Fast companies

Warren Cohen; John Simons

July 3, 1995

A pack of hard-driving businesses is still racing as the economy slows

Turn on a personal computer today and listen to the musical riffs, the revving of race cars and the volcanic explosions coming from within. It's hard to believe that just a few years ago the most impressive utterance a typical PC could make was a plain old beep. This new symphony of sound has been generated, in part, by a fast-growing enterprise named Creative Technology. Capitalizing on the roaring success of the multimedia PC market, the company invented an add-on device known as Sound Blaster, which gives personal computers new audio capabilities. The product helped Creative Technology's revenues jump from $24.8 million in 1991 to $657.9 million last year. To keep making noise in the marketplace, Creative Technology has rolled out Phone Blaster modems, which help people make long-distance calls by computer, and ShareVision, which enables videoconferencing to take place on PCs.

Most American companies have benefited from the economic expansion that began four years ago, but only a handful of businesses like Creative Technology have experienced staggering growth. In an effort to identify the biggest winners, U.S. News examined the financial records of more than 4,600 public corporations with data from Market Guide. The list of the top 25 performers since 1991 is dominated by eight companies involved in the information-technology revolution, including Creative Technology, which heads the group. Also ranked near the top are semiconductor giant Intel and software powerhouse Microsoft as well as Cisco Systems, which makes equipment that binds corporate computers in networks, and Micro Warehouse, a mail-order operation that ships vast quantities of PC products.

High-tech. The U.S. News list of fast-growing companies reflects the importance of technology in the American economy today. The production of information-processing equipment has soared by 46.7 percent since 1991, after adjusting for inflation, and now represents nearly 3 percent of the nation's gross domestic product, an all-time high. Corporate purchases are driving this growth, and capital spending on information technology has doubled over the past four years. As a result, the nation's productivity rate has sharply increased, given the pace of the current expansion, according to Morgan Stanley chief economist Stephen Roach. And the trend is not abating, even at this late stage of the business cycle. "Productivity gains and technology spending usually fade dramatically," says Roach, but this time "they are staying [strong]."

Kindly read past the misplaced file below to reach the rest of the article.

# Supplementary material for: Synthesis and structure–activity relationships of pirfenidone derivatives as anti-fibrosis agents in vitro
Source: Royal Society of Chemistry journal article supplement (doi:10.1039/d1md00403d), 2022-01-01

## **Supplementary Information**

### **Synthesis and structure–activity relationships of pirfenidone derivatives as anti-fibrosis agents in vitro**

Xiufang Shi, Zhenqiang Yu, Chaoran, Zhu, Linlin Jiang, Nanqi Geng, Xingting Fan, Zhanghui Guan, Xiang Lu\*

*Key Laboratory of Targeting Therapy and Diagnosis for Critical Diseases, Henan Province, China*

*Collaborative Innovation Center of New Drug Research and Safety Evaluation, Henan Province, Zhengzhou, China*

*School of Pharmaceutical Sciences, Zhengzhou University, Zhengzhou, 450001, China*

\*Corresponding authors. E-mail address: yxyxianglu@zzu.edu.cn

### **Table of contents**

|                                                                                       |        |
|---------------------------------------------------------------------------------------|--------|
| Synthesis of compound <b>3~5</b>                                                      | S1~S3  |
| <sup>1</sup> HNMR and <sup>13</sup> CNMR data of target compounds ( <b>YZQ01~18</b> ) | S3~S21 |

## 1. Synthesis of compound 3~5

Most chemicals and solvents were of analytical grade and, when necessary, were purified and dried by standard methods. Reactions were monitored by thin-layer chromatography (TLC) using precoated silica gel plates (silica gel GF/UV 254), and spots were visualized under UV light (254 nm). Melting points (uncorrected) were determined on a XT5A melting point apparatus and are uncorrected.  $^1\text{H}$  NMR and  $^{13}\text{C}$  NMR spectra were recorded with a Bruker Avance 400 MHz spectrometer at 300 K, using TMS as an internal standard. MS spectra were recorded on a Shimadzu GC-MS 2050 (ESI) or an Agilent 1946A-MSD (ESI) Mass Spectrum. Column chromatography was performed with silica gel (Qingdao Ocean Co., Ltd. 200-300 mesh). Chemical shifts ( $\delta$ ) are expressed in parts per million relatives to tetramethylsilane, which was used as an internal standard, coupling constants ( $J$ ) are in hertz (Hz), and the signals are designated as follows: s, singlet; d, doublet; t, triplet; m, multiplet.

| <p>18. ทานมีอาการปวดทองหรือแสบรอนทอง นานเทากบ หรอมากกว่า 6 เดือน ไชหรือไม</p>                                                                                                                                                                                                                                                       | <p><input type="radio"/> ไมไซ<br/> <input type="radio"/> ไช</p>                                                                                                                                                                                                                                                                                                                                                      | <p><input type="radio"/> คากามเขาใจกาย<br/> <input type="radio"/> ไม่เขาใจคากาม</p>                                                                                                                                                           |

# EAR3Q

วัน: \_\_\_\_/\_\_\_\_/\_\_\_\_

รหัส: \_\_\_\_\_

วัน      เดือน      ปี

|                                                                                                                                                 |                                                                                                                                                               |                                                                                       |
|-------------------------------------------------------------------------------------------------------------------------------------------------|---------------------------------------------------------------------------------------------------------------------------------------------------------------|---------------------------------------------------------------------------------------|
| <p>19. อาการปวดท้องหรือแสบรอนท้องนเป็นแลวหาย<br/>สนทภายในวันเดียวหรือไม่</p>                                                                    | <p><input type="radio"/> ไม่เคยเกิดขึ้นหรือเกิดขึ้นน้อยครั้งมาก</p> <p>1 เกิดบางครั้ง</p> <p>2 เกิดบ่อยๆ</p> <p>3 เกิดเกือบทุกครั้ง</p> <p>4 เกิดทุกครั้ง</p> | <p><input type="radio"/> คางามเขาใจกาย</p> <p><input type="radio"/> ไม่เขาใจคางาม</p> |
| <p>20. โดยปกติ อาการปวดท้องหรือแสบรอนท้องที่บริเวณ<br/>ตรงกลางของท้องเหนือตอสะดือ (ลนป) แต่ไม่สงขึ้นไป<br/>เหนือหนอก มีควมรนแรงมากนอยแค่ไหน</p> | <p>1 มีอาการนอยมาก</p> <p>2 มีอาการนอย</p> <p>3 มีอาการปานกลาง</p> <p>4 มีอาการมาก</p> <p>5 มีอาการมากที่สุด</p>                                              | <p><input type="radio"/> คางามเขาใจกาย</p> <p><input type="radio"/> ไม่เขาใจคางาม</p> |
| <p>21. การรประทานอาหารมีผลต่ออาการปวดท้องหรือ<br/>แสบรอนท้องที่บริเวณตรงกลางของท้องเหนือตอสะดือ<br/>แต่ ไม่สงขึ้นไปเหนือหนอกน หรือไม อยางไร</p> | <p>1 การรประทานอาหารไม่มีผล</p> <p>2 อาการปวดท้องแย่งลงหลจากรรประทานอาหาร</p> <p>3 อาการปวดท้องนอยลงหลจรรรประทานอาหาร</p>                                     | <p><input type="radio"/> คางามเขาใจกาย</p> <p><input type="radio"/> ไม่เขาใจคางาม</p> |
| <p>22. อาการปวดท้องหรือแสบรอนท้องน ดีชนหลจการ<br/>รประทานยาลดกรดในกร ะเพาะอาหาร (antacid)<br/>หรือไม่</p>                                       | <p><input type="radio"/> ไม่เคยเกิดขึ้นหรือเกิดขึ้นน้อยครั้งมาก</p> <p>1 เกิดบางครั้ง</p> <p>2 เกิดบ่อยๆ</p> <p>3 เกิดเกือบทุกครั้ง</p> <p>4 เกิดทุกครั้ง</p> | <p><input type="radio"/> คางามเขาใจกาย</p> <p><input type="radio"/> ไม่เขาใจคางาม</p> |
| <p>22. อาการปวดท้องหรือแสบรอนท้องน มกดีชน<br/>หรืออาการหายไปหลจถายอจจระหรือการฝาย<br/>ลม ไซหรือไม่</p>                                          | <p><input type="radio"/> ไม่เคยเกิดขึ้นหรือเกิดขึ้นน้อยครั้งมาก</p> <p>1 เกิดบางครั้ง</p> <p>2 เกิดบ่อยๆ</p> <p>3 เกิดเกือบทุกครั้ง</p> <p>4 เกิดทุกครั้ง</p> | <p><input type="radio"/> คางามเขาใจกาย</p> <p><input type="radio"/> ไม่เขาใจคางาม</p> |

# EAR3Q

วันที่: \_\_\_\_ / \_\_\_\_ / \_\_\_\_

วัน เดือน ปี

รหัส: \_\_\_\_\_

The U.S. News rankings also provide a window for viewing other sectors of the rapidly changing economy. The health care industry placed six firms on the fast-company list, including three health-maintenance organizations, which reflects the country's keen interest in medical care that costs less. And four companies specializing in leisure and recreation made their way into the top 25 as well. Among the most notable: Polaris Industries, which produces snowmobiles, and Marvel Entertainment, which publishes comic books. Key players in retailing, financial services and farm equipment round out the roster. The strong track record of the companies on the U.S. News list has caught Wall Street's attention and created shareholder value. If an investor had purchased one share of each of the top 25 firms' stock in the early part of the expansion and held on for three years, he would have chalked up a 151 percent gain, excluding dividends. The Standard & Poor's 500 grew just 39 percent over the same period.

But today, the companies on the U.S. News top-25 list find themselves operating in a business environment that has cooled off. After expanding at a 4.1 percent rate last year, the economy downshifted to a 2.7 percent pace in the first three months of 1995 and shows signs of slipping further (story, Page 46). Some forecasters still expect the economy to perk up later this year, if the Federal Reserve starts cutting interest rates. The companies on the U.S. News list have adopted a host of shrewd strategies to keep their winning streaks intact.